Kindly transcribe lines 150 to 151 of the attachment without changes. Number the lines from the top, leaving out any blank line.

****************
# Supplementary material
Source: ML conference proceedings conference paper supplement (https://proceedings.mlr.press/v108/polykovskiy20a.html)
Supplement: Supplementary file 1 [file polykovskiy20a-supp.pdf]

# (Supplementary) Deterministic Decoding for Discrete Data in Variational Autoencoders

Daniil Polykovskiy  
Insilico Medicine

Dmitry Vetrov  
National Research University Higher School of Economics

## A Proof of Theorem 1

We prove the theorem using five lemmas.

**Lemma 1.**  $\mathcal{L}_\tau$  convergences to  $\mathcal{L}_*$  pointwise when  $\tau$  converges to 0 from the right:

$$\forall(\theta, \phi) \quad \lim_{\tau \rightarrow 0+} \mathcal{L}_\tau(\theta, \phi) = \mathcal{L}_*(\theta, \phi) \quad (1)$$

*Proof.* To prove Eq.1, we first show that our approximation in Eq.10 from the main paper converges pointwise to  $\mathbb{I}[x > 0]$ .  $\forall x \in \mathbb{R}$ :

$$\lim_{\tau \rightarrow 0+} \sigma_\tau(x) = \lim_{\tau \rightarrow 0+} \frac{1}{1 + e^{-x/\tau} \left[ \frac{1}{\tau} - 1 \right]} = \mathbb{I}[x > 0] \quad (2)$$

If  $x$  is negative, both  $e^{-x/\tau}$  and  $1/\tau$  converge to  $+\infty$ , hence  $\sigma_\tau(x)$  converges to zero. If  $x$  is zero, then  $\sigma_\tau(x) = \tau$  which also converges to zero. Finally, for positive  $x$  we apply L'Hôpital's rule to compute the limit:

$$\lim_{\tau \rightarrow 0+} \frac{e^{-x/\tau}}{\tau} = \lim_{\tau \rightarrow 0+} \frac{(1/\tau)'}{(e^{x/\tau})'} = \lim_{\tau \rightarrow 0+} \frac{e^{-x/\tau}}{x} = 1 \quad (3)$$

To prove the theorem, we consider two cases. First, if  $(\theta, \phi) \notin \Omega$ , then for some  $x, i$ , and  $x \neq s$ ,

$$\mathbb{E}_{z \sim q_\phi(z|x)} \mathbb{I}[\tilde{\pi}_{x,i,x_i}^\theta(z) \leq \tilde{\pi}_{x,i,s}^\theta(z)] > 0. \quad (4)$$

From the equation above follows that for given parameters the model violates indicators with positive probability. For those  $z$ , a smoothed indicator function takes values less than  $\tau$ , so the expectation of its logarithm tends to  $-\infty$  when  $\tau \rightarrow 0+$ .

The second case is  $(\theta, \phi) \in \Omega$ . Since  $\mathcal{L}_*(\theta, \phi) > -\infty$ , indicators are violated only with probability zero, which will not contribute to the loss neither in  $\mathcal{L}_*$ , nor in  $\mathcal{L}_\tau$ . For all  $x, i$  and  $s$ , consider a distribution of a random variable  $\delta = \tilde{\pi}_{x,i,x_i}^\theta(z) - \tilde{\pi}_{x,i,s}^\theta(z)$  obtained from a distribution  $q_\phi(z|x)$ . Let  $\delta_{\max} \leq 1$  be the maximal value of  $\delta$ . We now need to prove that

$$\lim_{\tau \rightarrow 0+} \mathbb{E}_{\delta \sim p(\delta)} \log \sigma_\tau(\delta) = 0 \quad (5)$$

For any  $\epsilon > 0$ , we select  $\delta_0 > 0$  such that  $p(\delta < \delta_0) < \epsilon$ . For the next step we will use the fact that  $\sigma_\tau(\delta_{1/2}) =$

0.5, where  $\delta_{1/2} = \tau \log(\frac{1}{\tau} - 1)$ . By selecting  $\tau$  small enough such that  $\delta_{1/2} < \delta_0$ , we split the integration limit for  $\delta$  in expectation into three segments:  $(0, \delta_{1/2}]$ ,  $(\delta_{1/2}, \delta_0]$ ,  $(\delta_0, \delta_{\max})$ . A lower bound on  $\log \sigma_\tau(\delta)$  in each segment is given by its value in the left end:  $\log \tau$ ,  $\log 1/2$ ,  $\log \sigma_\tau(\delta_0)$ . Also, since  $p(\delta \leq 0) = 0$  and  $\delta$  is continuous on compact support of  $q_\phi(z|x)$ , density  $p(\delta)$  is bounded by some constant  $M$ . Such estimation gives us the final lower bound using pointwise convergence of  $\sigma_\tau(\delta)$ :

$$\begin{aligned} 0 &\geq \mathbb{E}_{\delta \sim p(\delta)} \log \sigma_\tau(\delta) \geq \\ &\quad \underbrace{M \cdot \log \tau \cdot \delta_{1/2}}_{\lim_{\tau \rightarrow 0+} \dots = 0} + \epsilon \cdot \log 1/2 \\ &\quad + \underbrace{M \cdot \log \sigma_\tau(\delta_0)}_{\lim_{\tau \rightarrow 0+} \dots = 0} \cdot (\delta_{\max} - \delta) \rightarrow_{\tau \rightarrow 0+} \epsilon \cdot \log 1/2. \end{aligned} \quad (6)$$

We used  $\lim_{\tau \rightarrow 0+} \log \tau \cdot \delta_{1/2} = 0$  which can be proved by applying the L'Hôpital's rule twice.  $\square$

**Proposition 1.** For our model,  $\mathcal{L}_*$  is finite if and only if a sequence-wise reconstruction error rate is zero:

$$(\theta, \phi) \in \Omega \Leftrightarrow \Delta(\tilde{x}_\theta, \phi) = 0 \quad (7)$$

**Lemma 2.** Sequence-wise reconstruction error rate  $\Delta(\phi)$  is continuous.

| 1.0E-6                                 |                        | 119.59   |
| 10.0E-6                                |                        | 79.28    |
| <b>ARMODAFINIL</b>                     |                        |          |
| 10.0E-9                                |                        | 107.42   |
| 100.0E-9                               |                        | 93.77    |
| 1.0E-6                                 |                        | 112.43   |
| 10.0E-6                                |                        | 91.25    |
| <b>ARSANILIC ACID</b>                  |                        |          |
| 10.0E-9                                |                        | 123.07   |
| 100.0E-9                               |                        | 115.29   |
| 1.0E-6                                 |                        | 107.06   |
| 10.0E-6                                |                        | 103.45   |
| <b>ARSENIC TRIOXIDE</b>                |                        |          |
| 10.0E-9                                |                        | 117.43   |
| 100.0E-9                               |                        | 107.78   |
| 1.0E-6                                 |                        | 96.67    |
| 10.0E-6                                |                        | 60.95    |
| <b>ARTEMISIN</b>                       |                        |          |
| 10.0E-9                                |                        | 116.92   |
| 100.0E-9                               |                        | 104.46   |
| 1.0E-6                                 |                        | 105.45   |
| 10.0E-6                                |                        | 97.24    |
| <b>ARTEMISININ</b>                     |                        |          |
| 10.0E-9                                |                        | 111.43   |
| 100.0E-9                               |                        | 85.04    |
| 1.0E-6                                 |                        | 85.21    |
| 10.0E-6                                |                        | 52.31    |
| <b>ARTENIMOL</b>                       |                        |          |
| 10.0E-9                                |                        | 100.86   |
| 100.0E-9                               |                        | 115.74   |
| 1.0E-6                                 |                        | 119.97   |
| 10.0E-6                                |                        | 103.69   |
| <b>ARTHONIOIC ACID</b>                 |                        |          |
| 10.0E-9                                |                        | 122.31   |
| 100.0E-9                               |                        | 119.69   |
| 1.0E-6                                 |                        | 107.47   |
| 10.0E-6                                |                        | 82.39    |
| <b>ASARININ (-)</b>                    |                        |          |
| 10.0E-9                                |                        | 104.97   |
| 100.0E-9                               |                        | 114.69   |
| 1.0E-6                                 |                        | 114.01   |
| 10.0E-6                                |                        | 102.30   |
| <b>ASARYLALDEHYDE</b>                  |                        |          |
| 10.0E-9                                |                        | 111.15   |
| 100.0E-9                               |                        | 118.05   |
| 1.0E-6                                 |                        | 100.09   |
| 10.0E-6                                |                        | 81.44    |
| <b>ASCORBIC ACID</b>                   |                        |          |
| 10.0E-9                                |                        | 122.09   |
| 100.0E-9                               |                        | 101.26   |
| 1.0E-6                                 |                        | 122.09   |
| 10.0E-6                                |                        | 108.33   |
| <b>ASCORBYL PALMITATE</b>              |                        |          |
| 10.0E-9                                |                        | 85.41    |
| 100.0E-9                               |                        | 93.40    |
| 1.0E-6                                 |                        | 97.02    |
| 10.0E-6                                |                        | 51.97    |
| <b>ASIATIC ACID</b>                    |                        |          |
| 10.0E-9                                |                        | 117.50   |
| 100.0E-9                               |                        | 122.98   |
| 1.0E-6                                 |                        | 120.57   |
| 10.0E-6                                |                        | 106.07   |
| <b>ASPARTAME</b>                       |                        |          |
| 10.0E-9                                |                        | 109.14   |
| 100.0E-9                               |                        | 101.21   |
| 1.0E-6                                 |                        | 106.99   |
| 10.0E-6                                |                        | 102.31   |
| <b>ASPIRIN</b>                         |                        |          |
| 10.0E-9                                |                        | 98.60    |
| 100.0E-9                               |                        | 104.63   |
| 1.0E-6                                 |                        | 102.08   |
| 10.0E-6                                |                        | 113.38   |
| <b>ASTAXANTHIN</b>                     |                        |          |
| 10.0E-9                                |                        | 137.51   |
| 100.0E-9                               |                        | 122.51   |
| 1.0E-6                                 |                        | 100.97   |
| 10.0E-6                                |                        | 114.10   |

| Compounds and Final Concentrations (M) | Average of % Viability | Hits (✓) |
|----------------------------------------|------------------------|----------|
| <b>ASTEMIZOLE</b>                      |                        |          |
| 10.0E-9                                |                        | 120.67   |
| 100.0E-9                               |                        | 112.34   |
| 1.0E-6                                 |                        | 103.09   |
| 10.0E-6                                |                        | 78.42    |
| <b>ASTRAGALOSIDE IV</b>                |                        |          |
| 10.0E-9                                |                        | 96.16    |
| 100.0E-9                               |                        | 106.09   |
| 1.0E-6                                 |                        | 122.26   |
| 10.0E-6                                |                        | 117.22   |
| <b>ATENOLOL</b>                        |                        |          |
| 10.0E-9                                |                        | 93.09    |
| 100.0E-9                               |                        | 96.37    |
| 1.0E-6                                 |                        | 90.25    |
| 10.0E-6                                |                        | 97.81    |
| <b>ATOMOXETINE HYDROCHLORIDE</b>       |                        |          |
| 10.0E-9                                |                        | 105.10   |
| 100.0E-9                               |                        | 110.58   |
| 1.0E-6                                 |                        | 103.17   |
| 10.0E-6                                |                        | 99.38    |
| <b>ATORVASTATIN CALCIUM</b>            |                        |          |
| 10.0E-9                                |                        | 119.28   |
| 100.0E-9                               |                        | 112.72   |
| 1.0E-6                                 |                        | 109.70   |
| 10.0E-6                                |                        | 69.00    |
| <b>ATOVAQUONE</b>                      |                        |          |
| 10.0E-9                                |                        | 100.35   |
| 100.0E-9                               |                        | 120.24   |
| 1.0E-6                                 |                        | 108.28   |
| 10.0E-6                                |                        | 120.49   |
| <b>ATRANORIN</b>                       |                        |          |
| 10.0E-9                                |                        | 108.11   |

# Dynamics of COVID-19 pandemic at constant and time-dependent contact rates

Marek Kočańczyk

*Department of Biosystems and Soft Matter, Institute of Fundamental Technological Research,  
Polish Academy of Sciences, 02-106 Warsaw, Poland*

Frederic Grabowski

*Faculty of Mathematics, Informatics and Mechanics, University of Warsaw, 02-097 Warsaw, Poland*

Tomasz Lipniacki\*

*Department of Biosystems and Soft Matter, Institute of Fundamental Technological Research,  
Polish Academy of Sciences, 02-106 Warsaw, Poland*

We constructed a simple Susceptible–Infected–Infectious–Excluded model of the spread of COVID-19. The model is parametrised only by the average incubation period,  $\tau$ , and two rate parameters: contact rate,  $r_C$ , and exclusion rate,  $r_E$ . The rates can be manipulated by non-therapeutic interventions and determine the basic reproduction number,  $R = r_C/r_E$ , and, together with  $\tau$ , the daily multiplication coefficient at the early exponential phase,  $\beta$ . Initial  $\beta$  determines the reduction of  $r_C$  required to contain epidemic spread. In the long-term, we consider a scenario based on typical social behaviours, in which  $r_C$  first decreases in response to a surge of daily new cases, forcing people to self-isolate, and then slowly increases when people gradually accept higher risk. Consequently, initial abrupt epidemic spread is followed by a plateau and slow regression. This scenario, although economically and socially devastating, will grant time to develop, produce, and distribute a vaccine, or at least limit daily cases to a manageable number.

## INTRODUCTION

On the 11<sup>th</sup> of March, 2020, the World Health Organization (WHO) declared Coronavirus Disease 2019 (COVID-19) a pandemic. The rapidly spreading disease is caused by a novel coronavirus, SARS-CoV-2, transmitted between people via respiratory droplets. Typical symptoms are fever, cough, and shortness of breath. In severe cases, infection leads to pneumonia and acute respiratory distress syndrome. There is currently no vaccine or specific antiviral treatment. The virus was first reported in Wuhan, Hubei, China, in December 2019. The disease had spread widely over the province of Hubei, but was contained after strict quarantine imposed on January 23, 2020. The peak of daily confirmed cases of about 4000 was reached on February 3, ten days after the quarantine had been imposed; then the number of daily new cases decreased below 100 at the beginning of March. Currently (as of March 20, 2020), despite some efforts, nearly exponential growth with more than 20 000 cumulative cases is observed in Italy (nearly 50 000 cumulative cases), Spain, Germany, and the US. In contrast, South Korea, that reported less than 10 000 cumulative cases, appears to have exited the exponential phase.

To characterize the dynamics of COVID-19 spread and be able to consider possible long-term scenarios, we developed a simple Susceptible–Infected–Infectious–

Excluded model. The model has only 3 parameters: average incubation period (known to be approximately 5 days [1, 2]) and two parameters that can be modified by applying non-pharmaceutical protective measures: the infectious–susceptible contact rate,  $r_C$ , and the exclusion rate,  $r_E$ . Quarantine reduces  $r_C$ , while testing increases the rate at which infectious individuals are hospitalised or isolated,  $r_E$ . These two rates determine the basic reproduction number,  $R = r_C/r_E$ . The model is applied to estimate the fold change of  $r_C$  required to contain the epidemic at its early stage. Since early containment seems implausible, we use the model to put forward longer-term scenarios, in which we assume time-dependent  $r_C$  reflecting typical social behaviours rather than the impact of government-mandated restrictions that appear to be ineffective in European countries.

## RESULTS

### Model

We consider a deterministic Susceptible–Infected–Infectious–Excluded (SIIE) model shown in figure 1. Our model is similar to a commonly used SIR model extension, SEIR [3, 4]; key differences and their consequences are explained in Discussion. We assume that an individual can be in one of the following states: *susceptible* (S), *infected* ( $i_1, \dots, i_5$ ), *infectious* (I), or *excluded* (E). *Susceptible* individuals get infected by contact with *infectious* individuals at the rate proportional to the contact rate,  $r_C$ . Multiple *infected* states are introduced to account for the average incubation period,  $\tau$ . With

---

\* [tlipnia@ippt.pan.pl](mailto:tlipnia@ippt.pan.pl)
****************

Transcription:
## INTRODUCTION

On the 11<sup>th</sup> of March, 2020, the World Health Organization (WHO) declared Coronavirus Disease 2019 (COVID-19) a pandemic. The rapidly spreading disease is caused by a novel coronavirus, SARS-CoV-2, transmitted between people via respiratory droplets. Typical symptoms are fever, cough, and shortness of breath. In severe cases, infection leads to pneumonia and acute respiratory distress syndrome. There is currently no vaccine or specific antiviral treatment. The virus was first reported in Wuhan, Hubei, China, in December 2019. The disease had spread widely over the province of Hubei, but was contained after strict quarantine imposed on January 23, 2020. The peak of daily confirmed cases of about 4000 was reached on February 3, ten days after the quarantine had been imposed; then the number of daily new cases decreased below 100 at the beginning of March. Currently (as of March 20, 2020), despite some efforts, nearly exponential growth with more than 20 000 cumulative cases is observed in Italy (nearly 50 000 cumulative cases), Spain, Germany, and the US. In contrast, South Korea, that reported less than 10 000 cumulative cases, appears to have exited the exponential phase.